One of the things I like most about your blog is the photographs you take. How did you get started in photography, do you know your way around a darkroom? I was always intimidated by the art of photography because of the idea of a darkroom and chemicals and pans.

I was working in advertising full-time, responsible for choosing artwork for my clients. I was drawn to photography after combing through so many portfolios, so I began to take classes at night. I began with film photography, and color transparencies (slides) and yes, learned how to use a darkroom, but given that I worked as an interactive art director, I became impatient, so I eventually switched to a digital SLR. I was already comfortable using the digital darkroom that is Photoshop, given that I was a web designer, so it was a natural transition.

What are five words you would use to describe yourself?

Honest. Passionate. Brassy. Foodie. Vulnerable.

What would I find you doing on a typical Friday night?

It depends which state I’m in, not just state of mind, actual US state. I’m between Austin and New York a lot, so that changes what I’m up to. In Austin, I suspect you’d find me lakeside, eating a burger on a picnic table, listening to live local music. That or movie hopping like it’s my job.

In New York, I’d be having a girl dinner at a lounge, tasting tapas, sipping champagne. Going home hungry and ordering in a burger.

Did you hope to inspire others when you began the blog? With the success of the memoir, will you continue it?

I didn’t have any hope when I began the blog other than trying to make myself happy. I began the blog because of a break-up, and I realized all that energy I’d been putting into dating and into men wasn’t working out so great. So I made a New Year’s resolution to write daily because writing always made me happy. It’s one of those activities where I don’t notice the time passing.

As time went on, and I realized people were actually reading it, my tone might have changed every now and then, but at the end of the day, I keep the blog for me, as a tool, as my gym. It’s "throat clearing" for me, the writing I do to get to something else. So I imagine the blog will absolutely continue, since it has very little to do with the fact that I’m a writer. It has to do with living.

There are millions of blogs out there in cyberspace, what do you think makes yours so relatable and popular?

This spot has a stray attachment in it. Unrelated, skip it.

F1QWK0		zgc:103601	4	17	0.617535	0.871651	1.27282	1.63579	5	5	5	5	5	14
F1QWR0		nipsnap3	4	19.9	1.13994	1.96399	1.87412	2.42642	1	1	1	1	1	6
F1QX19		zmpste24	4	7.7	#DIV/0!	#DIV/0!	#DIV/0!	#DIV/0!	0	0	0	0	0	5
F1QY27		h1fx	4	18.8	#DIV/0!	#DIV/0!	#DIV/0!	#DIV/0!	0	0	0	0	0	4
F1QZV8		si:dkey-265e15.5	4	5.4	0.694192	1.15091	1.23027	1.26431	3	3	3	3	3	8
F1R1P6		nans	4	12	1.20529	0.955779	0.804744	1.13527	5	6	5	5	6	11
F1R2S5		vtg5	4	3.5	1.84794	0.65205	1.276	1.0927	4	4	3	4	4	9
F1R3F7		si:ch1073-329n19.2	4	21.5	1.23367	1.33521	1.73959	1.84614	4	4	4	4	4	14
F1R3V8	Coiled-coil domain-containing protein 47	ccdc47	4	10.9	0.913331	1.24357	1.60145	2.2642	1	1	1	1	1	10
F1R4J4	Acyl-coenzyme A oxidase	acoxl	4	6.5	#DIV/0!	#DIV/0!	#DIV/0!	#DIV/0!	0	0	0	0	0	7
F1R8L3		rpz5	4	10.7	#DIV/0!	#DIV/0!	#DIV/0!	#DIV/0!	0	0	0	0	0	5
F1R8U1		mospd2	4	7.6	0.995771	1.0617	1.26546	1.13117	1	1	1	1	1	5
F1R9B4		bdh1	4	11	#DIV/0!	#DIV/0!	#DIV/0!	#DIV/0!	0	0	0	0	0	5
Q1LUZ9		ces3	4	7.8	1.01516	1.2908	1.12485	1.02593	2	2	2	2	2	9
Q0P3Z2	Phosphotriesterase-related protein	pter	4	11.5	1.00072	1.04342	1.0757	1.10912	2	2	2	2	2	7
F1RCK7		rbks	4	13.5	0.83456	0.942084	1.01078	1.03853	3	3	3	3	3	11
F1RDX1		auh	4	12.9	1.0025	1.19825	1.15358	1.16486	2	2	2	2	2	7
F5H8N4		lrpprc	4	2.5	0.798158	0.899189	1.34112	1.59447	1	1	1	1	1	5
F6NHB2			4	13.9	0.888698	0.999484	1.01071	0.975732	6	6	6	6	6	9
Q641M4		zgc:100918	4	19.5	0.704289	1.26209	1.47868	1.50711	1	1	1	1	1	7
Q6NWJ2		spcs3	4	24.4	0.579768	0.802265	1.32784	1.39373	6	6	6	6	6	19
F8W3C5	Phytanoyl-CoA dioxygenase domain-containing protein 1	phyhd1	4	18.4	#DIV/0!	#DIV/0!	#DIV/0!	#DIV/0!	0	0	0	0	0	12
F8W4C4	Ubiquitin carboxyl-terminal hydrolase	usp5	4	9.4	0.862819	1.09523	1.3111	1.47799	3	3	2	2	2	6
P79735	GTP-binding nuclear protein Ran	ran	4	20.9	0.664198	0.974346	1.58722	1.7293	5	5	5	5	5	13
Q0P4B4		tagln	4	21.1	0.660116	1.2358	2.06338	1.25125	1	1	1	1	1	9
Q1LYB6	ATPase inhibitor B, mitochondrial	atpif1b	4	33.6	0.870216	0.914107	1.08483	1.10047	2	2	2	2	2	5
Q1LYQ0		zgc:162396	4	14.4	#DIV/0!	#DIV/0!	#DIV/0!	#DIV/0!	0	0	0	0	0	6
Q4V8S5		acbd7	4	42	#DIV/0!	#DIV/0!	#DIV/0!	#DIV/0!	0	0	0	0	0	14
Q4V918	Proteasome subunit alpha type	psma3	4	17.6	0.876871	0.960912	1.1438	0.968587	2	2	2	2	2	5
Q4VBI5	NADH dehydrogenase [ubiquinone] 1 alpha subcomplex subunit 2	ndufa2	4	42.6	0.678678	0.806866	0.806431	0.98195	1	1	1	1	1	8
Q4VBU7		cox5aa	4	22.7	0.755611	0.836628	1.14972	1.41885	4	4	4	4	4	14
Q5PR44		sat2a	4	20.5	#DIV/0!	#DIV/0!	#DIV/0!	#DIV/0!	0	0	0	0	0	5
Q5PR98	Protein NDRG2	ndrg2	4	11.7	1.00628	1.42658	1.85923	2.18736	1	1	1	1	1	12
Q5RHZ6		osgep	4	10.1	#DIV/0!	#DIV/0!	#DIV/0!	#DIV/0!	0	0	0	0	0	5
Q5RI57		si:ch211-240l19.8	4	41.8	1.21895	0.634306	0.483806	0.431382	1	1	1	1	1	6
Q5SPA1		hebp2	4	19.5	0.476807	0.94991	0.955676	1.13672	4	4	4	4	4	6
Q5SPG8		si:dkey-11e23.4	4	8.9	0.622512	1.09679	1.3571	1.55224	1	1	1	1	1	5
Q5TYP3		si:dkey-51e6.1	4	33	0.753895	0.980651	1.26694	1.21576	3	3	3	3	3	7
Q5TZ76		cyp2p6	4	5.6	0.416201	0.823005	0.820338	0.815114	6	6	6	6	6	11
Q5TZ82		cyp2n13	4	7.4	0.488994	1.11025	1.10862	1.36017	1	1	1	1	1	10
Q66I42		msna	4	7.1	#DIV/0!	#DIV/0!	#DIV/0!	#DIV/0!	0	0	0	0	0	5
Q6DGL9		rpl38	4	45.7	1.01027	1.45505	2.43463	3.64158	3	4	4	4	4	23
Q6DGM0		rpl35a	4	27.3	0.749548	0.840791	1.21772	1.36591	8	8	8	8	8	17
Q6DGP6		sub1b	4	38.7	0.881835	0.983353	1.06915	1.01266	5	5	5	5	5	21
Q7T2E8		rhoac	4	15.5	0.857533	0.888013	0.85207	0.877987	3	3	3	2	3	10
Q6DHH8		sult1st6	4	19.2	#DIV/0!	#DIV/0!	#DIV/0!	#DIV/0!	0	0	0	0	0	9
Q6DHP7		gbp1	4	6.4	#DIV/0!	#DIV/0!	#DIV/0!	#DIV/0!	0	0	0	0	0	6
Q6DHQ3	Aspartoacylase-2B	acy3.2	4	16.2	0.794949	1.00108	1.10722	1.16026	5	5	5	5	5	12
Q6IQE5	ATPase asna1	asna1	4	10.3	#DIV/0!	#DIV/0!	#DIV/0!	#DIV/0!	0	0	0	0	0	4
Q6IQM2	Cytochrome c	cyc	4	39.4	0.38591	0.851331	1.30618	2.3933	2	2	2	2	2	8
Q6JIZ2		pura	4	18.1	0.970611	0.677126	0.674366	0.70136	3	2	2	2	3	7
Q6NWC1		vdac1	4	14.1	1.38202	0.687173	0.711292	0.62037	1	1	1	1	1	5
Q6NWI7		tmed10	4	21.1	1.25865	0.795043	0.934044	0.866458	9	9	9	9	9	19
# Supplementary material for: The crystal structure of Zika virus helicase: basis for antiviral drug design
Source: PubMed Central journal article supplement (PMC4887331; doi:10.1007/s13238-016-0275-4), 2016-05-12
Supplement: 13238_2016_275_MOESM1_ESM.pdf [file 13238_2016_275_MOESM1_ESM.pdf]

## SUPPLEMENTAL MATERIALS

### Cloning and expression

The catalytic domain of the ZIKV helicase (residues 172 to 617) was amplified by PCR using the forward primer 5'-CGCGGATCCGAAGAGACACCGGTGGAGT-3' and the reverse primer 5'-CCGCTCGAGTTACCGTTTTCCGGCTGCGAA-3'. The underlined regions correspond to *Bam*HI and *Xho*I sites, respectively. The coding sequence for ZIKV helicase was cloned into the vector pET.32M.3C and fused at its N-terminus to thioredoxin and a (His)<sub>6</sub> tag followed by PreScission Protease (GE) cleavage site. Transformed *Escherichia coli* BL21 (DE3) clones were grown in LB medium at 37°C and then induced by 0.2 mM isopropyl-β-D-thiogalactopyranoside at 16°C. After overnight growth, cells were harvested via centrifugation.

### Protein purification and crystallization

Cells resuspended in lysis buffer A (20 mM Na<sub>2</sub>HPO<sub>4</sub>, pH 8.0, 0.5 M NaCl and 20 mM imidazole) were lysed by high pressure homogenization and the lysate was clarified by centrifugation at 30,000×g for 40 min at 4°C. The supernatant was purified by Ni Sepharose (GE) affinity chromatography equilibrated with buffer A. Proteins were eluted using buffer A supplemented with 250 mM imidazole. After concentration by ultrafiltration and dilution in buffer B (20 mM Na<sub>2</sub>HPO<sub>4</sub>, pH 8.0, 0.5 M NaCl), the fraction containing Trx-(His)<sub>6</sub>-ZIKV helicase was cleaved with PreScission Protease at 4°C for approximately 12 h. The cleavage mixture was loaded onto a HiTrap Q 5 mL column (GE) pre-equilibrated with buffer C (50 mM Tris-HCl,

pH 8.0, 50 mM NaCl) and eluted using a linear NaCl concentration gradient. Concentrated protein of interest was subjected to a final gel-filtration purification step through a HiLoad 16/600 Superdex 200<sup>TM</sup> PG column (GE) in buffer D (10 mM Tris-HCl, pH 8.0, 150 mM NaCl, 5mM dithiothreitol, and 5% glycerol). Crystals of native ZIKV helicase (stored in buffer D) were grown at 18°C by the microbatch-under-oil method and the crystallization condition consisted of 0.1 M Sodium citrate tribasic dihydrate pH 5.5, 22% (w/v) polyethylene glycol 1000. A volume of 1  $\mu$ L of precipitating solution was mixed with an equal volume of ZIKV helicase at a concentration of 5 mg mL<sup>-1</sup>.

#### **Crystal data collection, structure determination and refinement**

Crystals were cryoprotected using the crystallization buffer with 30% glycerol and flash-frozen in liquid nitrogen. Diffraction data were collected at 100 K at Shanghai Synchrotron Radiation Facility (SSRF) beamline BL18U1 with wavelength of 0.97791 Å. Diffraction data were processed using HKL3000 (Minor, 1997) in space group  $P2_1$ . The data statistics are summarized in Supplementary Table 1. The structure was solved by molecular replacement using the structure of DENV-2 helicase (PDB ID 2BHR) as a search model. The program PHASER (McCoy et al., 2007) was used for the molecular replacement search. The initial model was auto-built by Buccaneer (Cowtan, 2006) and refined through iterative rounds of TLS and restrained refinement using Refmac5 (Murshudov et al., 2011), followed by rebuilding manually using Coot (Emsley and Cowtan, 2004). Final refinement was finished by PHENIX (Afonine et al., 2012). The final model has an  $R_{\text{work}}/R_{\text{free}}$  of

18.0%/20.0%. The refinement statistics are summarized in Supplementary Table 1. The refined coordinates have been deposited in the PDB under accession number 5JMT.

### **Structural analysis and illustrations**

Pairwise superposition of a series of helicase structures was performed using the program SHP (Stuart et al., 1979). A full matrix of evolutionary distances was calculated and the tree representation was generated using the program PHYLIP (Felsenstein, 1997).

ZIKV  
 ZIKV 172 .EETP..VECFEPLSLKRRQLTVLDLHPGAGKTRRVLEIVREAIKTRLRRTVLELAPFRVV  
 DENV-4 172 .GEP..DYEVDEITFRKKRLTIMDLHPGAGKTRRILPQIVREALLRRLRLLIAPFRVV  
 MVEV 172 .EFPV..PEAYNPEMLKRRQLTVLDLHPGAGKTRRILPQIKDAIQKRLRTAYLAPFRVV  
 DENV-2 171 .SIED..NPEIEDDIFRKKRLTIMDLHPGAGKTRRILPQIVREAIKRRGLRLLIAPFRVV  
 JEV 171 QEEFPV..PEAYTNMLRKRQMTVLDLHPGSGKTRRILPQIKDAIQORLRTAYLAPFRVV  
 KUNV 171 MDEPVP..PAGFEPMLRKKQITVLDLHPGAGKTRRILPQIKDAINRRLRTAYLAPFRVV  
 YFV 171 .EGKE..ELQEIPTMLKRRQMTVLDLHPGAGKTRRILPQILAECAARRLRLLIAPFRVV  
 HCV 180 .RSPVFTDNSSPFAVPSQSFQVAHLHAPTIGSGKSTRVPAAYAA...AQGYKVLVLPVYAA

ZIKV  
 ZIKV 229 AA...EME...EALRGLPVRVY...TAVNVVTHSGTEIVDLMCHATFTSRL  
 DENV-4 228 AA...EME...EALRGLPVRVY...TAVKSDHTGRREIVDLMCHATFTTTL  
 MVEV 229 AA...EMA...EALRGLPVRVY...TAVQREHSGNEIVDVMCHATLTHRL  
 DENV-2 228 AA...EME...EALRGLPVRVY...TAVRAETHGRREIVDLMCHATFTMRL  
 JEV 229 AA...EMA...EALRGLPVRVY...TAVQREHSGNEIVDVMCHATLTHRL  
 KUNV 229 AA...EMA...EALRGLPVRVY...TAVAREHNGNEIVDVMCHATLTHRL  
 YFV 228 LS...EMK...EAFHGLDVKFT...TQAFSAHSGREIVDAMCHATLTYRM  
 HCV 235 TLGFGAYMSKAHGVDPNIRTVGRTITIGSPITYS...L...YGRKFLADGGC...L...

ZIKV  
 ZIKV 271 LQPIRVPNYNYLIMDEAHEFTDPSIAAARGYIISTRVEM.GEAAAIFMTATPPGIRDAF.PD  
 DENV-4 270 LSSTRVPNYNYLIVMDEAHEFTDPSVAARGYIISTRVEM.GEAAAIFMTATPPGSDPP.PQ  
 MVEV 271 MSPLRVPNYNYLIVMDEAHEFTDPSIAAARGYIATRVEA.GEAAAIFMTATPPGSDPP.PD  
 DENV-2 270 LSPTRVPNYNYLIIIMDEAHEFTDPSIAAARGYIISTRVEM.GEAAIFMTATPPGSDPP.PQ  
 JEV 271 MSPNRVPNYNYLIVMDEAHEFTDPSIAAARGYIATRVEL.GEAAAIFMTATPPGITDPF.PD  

Luck certainly has something to do with it. But I think people stay once they stumble upon it because I’m just honest. I write about my insecurities, the things we all worry about. Rejection. Jealousy. Self-esteem issues. My obsession with food. It’s not just my anecdotal humor or observational prose; I write about what touches me, which in turn drives people to think and react, even if they disagree.

This interview was conducted by Cindy at Conversations With Famous Writers >>

Comments

  1. :) My favourite bit of the interview was the 'Cheese Doodles' answer. It's why you're so likeable.

  2. You say cheese doodles. I would say that burritos have helped to shape me today. And lots of guacaomle.

    Your honesty and candor help…throw in the fact that you are generally warm and inviting in person and people will inevitably stick around.

  3. love this. I have been measuring my worth in relationship failures since the start of this year. I am so glad you touched on that, you're so very right.

  4. My friend pre-ordered the book for me. It hasn't arrived. I couldn't wait, I went out and bought it last night.

    I'm reading "Straight Up and Dirty" like its a fine, five course meal and I'm enjoying every morsel of it.

  5. I've been reading your blog for almost a year now and I have never posted a comment; can't really say why it's been so long. Either way, all it took was reading "starwars: a female perspective" and I was hooked. You were dead-right when you said we stay once we stumble upon Greek Tragedy.

    I ordered your book weeks ago and it's in now. I'll be indulging myself in it tonight. :)